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Video Game / Freeciv

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Freeciv is a FOSS (Free / Open Source Software) implementation of the Civilization family of turn-based strategy games, borrowing mainly from Civilization I and II with some elements from III. Several rule sets are provided allowing for different types of game behavior. In addition, because the source code to the game itself is available, a sufficiently motivated and knowledgeable person can implement changes to the game's behavior beyond anything possible merely by changing the rule set the game uses, including behavior not found in the commercial precursors to this game.

Most things involving it (including downloads) can be found at its wiki.

Tropes featured include:

  • Artificial Stupidity: Computer players are extremely stubborn with "their" territory – build a city on any square they consider to be "theirs," and they'll raze the city – without any diplomacy scene or change in relationship. In fact, if you then attack one of their cities, they'll blame you for starting the war. They never offer you any trades. They are also incapable of building trade routes (in order to boost luxury and grow their city with celebrations), at least at easy difficulty.
  • Boring, but Practical: The Adam Smith's Trading Co. wonder makes all basic buildings that normally cost one gold per turn upkeep-free. Might not sound like much, but free granaries, harbors, temples, banks, libraries can get you a long way and allow you to allocate more taxes for research because of how much less you have to spend on first-level buildings. Also, it never becomes obsolete.
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  • Bread and Circuses: You can alter your nation's priorities between taxation, science and luxury. The higher you set your luxury priority, your citizens will be happier and less likely to cause disorder. Ironically, this is most important under a Republic or Democracy.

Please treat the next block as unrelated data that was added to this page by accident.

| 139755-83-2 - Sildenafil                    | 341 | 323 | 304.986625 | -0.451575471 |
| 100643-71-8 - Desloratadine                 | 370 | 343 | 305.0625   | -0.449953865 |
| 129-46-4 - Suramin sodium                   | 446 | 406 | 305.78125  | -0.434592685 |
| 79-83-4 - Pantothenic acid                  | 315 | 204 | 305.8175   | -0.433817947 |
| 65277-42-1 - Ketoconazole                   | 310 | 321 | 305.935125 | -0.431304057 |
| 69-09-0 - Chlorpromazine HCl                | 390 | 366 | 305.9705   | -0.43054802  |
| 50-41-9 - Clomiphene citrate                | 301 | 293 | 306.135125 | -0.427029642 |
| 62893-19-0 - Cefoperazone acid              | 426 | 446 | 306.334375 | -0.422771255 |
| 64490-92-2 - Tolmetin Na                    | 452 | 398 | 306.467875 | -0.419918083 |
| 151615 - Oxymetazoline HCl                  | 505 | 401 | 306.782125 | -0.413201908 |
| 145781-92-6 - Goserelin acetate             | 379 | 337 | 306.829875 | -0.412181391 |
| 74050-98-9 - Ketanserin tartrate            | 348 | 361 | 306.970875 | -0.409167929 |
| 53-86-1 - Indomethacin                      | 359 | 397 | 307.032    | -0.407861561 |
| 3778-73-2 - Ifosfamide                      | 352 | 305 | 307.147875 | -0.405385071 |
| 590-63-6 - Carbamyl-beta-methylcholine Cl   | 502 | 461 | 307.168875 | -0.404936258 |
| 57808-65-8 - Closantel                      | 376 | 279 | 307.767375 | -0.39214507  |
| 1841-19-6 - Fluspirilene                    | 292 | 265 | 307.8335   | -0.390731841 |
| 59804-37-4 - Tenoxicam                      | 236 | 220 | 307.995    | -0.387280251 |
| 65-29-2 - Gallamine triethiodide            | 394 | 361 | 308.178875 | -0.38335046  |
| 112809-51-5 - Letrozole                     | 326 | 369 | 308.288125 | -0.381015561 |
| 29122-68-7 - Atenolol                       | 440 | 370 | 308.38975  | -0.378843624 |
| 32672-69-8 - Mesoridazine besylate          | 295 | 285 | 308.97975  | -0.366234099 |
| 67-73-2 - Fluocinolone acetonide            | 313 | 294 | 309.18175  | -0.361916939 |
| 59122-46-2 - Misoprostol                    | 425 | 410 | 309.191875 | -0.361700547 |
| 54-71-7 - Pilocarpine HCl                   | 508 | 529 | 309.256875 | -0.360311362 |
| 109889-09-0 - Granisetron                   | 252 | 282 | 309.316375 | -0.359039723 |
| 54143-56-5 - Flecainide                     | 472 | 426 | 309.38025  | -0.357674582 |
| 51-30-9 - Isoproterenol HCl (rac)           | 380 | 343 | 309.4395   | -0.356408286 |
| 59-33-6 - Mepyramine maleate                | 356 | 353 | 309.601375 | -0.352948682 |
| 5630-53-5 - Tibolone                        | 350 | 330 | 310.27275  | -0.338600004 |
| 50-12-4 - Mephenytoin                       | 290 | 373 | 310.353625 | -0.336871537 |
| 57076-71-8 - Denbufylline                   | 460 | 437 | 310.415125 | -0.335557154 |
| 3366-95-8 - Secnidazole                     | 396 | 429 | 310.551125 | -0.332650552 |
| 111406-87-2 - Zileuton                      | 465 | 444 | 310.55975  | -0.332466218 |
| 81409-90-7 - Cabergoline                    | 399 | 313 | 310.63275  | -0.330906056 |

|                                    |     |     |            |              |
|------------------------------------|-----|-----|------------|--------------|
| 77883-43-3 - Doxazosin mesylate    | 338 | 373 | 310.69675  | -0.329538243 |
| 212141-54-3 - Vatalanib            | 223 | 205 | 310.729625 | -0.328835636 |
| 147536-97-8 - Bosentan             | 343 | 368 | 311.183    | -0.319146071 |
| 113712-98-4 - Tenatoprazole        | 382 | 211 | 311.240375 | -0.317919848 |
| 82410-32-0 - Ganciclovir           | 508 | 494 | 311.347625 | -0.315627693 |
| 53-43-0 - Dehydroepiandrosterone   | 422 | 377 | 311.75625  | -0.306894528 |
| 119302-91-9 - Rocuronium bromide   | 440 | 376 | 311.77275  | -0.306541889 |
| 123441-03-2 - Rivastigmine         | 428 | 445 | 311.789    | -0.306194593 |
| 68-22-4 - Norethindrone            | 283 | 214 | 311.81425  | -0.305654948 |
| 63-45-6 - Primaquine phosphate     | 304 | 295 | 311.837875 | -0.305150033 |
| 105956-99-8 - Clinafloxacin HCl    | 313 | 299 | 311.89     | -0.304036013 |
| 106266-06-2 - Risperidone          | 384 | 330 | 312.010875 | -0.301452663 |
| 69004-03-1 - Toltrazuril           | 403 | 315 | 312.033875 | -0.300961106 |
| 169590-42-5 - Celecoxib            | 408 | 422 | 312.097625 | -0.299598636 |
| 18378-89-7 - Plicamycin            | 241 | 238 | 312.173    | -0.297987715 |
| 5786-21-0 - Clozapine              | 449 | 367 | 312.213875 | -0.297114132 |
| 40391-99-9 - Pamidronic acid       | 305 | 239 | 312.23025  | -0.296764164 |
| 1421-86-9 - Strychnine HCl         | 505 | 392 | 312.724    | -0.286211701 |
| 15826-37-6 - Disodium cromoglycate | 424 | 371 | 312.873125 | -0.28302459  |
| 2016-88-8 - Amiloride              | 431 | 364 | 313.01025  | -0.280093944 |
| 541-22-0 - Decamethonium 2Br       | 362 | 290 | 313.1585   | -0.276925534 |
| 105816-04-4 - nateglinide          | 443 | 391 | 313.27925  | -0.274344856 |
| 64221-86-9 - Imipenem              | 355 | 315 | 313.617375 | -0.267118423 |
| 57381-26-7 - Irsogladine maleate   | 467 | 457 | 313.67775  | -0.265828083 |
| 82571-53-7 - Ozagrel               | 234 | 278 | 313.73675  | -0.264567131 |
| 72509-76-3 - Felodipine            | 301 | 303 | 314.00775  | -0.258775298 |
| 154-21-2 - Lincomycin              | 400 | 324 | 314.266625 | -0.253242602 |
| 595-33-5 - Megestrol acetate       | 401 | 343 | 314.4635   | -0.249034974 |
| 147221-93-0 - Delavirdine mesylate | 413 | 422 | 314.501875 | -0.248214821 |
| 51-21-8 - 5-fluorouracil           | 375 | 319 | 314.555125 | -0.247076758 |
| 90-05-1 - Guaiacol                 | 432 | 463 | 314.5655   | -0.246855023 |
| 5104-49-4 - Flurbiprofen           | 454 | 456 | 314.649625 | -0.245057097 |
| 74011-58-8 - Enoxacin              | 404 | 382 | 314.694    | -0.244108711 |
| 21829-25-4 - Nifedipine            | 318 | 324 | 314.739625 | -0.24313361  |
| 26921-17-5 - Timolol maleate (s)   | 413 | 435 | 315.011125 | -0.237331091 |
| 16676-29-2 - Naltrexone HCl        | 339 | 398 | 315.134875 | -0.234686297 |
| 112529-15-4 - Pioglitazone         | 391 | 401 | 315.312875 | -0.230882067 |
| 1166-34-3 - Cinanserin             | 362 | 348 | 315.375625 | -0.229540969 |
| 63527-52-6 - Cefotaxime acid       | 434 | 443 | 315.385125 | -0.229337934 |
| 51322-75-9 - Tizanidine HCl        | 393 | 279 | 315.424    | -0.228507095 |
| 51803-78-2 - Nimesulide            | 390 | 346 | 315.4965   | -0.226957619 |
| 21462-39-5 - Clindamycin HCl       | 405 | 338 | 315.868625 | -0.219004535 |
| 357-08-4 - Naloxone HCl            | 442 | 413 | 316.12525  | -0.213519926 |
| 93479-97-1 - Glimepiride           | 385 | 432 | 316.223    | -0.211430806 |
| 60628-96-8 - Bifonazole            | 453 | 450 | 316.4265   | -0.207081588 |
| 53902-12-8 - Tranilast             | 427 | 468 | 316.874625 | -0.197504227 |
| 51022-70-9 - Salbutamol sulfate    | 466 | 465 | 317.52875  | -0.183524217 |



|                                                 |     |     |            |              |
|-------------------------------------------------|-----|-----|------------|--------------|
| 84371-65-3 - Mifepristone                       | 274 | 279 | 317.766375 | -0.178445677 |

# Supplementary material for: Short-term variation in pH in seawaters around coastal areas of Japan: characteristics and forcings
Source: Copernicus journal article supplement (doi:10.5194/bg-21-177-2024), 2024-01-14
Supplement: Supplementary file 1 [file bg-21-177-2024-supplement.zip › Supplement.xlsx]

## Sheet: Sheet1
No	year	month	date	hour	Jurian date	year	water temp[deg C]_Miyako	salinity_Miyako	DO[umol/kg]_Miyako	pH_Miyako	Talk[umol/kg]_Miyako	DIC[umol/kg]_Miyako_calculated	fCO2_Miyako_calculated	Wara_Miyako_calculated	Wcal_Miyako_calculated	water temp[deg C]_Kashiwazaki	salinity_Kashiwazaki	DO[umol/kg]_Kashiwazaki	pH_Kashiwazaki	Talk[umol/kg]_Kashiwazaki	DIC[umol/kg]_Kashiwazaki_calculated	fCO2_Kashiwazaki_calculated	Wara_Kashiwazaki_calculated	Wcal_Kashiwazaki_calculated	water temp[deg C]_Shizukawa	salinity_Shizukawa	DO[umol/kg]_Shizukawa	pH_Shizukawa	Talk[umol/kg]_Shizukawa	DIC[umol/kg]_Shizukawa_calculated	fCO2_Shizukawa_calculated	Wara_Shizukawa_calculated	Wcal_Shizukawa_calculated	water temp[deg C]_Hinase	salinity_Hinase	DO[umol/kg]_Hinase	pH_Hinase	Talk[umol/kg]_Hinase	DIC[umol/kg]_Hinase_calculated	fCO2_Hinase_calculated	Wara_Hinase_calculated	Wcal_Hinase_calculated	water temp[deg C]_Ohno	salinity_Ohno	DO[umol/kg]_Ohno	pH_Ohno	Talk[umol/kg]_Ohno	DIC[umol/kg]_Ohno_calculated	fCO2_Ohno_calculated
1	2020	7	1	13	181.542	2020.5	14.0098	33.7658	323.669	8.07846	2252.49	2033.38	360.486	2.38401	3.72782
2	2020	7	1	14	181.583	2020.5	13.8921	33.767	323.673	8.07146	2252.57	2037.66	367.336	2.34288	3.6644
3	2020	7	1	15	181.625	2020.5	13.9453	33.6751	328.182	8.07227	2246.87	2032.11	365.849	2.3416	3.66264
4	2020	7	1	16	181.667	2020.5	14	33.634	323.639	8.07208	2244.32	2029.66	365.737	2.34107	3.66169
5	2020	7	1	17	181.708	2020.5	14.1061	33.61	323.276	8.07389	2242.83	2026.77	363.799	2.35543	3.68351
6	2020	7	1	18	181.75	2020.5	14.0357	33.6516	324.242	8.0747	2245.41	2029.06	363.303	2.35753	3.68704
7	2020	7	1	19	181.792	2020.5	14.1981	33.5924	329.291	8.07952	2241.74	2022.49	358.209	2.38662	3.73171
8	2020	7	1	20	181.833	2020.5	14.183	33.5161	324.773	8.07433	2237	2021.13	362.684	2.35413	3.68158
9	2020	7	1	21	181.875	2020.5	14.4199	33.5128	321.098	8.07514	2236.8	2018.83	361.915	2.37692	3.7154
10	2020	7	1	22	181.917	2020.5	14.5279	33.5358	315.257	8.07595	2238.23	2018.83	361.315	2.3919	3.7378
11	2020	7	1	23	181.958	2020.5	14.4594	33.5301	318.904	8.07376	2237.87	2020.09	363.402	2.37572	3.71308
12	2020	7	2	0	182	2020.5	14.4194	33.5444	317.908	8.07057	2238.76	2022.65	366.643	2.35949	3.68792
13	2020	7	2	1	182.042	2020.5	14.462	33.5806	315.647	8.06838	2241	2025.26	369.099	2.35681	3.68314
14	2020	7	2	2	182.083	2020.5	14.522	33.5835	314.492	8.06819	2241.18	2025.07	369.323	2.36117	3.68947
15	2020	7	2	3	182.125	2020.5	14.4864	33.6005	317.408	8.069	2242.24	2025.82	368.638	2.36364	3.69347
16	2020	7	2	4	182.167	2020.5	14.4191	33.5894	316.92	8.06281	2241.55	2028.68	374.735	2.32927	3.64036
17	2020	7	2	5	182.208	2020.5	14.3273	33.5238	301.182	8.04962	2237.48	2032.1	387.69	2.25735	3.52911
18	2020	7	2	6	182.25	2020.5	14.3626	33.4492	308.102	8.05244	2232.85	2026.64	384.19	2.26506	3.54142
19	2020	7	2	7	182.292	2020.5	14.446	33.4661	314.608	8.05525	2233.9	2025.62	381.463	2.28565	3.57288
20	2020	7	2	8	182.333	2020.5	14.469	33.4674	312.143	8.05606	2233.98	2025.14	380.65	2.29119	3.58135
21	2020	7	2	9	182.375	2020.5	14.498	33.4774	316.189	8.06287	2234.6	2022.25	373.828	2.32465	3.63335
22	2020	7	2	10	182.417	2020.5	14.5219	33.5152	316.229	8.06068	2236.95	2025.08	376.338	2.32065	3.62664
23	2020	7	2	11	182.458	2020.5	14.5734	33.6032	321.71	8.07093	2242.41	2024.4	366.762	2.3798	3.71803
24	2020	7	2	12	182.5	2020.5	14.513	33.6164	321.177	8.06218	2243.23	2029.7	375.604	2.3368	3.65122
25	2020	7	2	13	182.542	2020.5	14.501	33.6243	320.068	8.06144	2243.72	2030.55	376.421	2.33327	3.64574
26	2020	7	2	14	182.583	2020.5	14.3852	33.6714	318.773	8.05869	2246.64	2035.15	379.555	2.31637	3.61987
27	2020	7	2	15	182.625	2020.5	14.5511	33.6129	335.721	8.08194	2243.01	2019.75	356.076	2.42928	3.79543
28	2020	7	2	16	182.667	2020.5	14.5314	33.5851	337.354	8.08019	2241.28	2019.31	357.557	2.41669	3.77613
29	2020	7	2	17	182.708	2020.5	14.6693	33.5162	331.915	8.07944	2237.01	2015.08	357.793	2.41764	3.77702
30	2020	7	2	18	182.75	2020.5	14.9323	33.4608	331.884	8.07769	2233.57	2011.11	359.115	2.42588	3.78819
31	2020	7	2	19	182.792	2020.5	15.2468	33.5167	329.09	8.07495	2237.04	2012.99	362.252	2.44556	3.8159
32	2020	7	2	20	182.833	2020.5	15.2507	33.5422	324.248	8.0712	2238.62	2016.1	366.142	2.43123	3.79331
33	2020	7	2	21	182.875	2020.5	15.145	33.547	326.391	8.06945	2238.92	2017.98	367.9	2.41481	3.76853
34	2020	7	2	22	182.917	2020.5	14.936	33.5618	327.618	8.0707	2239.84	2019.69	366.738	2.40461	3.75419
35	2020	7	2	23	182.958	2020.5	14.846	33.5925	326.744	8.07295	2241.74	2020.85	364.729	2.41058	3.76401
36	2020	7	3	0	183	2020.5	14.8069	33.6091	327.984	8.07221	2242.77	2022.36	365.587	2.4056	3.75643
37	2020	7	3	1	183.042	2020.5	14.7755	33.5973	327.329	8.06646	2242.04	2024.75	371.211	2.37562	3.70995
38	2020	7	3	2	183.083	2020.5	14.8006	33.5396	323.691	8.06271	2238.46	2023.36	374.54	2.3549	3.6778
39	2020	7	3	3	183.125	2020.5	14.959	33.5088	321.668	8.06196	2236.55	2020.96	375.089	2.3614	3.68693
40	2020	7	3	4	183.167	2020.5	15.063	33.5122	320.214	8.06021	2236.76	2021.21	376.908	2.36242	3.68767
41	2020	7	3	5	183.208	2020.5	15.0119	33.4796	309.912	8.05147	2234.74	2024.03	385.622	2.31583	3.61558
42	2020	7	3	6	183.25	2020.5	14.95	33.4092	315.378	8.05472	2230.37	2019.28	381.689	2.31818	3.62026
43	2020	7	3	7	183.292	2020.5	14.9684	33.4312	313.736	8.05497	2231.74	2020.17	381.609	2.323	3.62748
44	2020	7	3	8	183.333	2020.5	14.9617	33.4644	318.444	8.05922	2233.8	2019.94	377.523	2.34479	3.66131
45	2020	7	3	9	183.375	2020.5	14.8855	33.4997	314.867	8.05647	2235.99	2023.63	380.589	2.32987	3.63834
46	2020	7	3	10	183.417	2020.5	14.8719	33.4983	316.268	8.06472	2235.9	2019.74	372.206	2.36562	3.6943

• Corrupt Politician: Spies and diplomats can be paid to "incite a revolt" in non-allied cities as a "diplomatic action", which, if successful, leads to the city becoming yours. The price depends on city size, buildings within city, wealth of the nation on the receiving end of this treatment, units in city and corruption level (cities owned by democracies have zero corruption and thus cannot be bribed).
  • Easy Communication: As in all the Civ games, you can instantaneously order around everyone in a civilization spanning continents without any communications tech developed. Zig-Zagged with diplomacy though: By default you lose contact with other nations 20 turns after encountering their units/territory. Without embassies, you can't exchange tech (only sell yours).
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  • Easy Logistics: Averted big time, in fact, if a unit is based in a city that can't provide for unit upkeep in production points, then units based in said city will die off until the production demands of units equals that of the city's production points. This can cause units wherever they are to simply disappear from the face of the Earth, which is painful if it's a carrier or transport full of units crossing an ocean, or a nuclear missile or stealth bomber that took 5 or more turns to produce.
  • Evil Is Easy: Averted. If you don't attack anyone, the AI won't attack you (at least until the endgame) Some AI players will wage war against each other and you can only ally with one party of each war. But your allies (and with wonder-created embassies in each capital all players) will happily exchange tech, pay you for tech and share maps. They don't really get angry at you that fast either: E.g. always making them pay the maximum price for tech will turn them from friendly to neutral at first and to unfriendly quite a while later. You can reconcile relatively easily by just giving them free tech or money or demanding a bit less Gold. They'll often ask you to join their wars, but not doing so at worst lets them cancel their alliance, and most of the time they'll just go from friendly to neutral and forbid you from viewing their map while still ready to trade maps each round.
  • Fan Remake: Mostly of Civ I and II, but certain features from Civ 3 (like national borders and exchanging cities via diplomacy with other players, only without the AI agreeing to bad deals) are also present.
  • Forever War: AI player often go to war very quickly and then fight for centuries, without either side really winning.
  • Gameplay and Story Integration: In the Europe scenario map, your civilization starts at the appropriate place of the map. Normally, your settlers also start at a place with terrain typical for your civilization IRL.